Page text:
In general, the reaction is carried out under such conditions under which the alcohol is distilled from the reaction mixture, and the measurement of the alcohol removed is an excellent method of judging reaction completion. A solvent or entraining agent may be employed, if desired. Although the temperature and time may vary widely depending on the particular reactants employed, one can advantageously employ temperatures of to 250 C., but preferably to 200 C. and times of 0.5 to 8 hours, but preferably 1 to 4. The reaction and product produced can be summarized by the following equation:
( inn alcohol removal conditions Cyclic amidine The meanings of the symbols designated in the above equation have the same meanings as stated above. The Zs, CR"s, and Us may be the same or different. Thus one amidine ring may be a S-member ring and the other a six-membered ring, one aza-alkylene may be a 6-member ring and the other a S-member ring, and one D may be CH CH O- and the other CH CH N--, etc.
Specific examples of the cyclic-amidine-lactim reaction product comprise the reaction products of (l) the cyclic amidines of Tables I-IV, their oxygen and sulfur analogues and (2) the O-methyl and O-ethyl butyro-, valero-, caproand heptylo-lactims.
EXAMPLES In general, the compounds of this invention are prepared by reacting the cyclic amidine with the O-methyl lactim at a temperature of ISO-200 C. for about 1-4 hours or until no more alcohol is given oif. The products are purified by distillation under reduced pressure.
2,987,522 11 p 12 Example I shown in Table V, other compounds are similarly pre- One mole of I of these compounds are shown in the following table.
pared in the manner shown in Example 1. Examples TABLE VI The products are, viscous liquids with a tendency for the products to solidify on standing as the size of the R group increases. In addition, lesser amounts of the disubstituted products.
N N-CHzCHzNHa \C/ (Formula 1) i t T 1 and one mole of N ([JCHa \C/ (CH3 n- CzN .g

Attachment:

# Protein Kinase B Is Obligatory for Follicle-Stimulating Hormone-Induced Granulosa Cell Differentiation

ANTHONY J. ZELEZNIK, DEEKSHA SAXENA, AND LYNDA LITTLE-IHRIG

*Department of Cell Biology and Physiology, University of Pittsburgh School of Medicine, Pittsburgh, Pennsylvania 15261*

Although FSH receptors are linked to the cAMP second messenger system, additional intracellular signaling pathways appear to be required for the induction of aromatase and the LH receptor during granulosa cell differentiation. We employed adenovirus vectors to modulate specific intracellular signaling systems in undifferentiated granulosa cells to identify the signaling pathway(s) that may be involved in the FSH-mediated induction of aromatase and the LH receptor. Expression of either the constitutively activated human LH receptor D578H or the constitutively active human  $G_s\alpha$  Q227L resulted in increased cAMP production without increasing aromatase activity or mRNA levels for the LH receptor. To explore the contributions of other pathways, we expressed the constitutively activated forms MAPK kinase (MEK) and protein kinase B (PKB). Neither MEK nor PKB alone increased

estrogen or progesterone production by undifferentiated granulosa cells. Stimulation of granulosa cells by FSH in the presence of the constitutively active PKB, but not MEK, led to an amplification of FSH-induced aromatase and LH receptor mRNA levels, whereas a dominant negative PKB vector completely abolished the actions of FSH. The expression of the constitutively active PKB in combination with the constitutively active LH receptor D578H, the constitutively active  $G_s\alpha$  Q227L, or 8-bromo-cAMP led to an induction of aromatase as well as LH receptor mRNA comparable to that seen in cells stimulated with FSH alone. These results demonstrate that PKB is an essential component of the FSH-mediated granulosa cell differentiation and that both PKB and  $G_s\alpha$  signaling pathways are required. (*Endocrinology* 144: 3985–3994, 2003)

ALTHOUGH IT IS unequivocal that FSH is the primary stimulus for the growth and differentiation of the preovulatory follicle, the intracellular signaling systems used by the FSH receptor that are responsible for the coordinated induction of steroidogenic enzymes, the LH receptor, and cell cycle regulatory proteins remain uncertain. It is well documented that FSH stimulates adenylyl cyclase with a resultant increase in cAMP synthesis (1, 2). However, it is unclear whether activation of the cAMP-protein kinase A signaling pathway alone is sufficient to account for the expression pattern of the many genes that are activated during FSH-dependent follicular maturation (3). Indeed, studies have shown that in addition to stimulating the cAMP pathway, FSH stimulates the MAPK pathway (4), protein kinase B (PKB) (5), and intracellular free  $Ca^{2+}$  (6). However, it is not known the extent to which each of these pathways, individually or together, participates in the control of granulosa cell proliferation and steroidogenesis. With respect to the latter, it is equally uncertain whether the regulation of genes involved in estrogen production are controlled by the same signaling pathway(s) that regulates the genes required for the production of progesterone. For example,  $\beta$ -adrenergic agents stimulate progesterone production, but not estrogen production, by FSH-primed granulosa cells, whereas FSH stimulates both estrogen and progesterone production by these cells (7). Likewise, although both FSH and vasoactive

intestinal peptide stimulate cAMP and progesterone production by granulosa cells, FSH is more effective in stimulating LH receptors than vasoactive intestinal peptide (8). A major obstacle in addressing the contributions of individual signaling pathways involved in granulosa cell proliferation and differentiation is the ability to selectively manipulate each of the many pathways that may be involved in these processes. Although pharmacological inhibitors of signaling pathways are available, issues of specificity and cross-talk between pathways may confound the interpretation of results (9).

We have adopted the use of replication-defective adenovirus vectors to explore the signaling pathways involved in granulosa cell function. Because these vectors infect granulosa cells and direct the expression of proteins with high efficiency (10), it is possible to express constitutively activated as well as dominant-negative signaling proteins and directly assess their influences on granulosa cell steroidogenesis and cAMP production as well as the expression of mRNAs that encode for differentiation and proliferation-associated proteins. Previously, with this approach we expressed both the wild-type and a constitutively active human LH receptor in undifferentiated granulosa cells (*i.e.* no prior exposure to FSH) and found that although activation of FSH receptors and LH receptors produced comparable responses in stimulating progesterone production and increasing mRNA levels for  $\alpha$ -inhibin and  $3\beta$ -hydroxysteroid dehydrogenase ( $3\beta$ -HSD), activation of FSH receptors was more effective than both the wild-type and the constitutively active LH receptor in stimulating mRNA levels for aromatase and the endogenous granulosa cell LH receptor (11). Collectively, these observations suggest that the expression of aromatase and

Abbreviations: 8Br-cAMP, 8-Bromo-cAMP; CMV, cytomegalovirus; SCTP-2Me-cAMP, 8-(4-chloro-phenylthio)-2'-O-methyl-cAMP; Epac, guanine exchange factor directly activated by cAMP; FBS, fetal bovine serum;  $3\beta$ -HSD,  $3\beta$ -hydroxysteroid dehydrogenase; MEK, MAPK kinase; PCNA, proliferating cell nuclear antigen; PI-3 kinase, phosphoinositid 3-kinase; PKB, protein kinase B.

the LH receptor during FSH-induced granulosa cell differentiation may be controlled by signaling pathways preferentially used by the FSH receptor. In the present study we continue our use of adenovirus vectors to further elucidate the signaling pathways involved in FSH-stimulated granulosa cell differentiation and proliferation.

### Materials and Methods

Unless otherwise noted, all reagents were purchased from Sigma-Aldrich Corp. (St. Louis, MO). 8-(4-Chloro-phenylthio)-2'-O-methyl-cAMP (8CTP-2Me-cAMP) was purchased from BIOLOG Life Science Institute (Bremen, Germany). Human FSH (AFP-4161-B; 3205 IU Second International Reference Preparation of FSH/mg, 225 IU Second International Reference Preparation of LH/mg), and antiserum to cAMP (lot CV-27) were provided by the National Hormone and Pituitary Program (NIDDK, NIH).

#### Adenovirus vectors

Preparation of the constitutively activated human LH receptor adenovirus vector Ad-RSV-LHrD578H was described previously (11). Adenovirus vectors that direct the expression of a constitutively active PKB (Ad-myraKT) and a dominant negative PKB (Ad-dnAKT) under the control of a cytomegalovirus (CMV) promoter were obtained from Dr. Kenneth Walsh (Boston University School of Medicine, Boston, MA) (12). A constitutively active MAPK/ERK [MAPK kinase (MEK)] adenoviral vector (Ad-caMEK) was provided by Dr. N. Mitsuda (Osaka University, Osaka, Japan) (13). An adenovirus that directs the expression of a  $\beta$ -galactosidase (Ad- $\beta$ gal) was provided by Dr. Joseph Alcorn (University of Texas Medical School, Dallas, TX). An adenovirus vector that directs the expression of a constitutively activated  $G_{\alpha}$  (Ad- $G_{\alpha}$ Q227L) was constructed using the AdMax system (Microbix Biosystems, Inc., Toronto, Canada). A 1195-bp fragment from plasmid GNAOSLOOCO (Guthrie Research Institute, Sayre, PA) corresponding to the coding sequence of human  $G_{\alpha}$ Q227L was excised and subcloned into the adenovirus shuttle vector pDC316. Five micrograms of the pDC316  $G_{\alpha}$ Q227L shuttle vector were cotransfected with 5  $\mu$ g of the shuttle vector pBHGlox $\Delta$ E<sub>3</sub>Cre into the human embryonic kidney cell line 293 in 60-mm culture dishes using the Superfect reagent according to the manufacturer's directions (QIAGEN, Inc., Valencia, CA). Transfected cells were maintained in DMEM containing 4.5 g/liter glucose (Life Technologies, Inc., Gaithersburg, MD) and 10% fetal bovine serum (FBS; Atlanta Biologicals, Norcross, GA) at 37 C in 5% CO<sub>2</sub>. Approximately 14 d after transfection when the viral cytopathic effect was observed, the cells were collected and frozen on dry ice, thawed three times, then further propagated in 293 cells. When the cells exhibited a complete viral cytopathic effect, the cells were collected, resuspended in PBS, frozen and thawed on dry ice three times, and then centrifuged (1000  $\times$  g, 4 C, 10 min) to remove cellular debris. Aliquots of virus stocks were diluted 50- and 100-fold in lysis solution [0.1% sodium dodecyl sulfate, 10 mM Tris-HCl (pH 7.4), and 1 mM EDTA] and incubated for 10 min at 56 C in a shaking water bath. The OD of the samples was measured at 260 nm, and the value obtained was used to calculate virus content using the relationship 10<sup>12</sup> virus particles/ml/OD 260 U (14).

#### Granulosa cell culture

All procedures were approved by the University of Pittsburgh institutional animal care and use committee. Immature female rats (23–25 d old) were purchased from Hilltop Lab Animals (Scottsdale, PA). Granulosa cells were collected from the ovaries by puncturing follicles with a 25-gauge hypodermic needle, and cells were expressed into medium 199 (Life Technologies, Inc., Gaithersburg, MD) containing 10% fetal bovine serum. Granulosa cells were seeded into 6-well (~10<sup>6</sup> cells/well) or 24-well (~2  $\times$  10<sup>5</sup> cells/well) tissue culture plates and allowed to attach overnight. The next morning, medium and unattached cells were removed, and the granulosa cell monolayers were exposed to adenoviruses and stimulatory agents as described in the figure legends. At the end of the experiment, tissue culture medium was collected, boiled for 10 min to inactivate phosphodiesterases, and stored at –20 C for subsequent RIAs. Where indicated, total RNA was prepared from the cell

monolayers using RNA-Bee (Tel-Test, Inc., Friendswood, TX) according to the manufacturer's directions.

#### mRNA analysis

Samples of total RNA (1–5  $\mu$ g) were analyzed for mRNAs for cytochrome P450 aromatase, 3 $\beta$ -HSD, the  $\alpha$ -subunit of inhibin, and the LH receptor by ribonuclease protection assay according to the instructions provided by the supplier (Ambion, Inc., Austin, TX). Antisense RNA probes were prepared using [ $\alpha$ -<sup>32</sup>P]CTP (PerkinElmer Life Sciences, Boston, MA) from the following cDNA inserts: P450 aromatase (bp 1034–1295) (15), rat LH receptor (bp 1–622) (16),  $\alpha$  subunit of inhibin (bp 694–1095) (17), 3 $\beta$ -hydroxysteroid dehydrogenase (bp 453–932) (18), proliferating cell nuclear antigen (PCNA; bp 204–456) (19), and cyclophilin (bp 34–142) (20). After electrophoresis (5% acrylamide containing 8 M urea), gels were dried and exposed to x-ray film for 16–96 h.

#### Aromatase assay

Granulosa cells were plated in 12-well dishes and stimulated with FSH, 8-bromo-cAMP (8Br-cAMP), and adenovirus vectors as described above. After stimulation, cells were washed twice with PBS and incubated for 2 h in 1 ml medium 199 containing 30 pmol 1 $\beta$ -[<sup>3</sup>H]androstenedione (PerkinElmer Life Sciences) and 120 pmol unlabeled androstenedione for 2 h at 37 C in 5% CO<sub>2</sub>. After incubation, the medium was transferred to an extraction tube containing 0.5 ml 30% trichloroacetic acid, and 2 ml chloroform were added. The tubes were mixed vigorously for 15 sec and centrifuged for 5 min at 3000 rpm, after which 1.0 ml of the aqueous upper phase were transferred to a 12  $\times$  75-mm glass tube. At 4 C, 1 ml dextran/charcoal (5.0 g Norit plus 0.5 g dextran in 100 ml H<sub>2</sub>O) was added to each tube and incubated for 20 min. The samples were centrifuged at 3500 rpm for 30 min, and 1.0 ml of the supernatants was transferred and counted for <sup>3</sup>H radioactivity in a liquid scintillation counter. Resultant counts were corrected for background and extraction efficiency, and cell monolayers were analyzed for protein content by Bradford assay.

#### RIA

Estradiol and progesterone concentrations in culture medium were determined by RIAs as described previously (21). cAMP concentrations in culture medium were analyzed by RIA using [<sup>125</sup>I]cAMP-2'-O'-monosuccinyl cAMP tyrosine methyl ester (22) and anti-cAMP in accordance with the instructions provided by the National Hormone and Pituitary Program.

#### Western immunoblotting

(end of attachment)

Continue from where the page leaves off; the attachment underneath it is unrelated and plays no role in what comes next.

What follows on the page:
(C 2)n-- (Formula 2) are reacted at 160 C.-185 C. in a flask attached to a N /N Dean-Stark water trap until alcohol ceased distilling over Z Z (about 2 hours). The viscousproduct is then purified N by distillation at 215 C. at 0.25 mm. to yield a product I which is a viscous liquid which analyzed for 27.5% nitrogen (calculated 26.92%). The product is I 2)n '(C 2)n H N /NCHgCH N-C:N (Formula 3) LV (CH2)EI i H In addition, a small amount of the disubstimted product N NDO:N \C/ -(CI-Iz) 11-I N'\ /l\I-CH,CH,N[C :N] II? \C |-(C H2) 5 2 (Formula 4) is also formed.
In order to save repetitious detail, the results of reac- N- N tions carried out employing the homologues series imi- LOHHJIWCQEHJ dazolines is presented in the following Table V. N Table V F! N-CH;
N N-CHzCHzNH-C CH2 Ex Formula R Z D 11 0 CH2 OH;
I 5 R CH2 5 5 Percent Nitrogen Distillation of 2 Product 5 Ex. R 8 Pressure Temper- 5 Calcd. found (mm.) ature, 5 0. 5 5
26.91 27. 5o 0. 25 25. 23 24. no 0. 27 5 23. 31 23. s5 0. 20 22. 40 22. 25 0. 15 20. 15 19. 25 0. 40 5 19. 17 18. 63 0.68 5 as as 2-22 5 16:77 16:67 27 (CH2)4 (CH2)2-- (CH2)2S. 5 1s. 47 15. 59 0. 30 14, 3s 14. 53 0, so 13 g 33,3 9,9 USE AS CORROSION INHIBITOR More specifically, this phase of the invention relates to the inhibition of corrosion in the petroleum industry with specific reference to producing wells, pipe lines, refineries, tank storage, etc. 7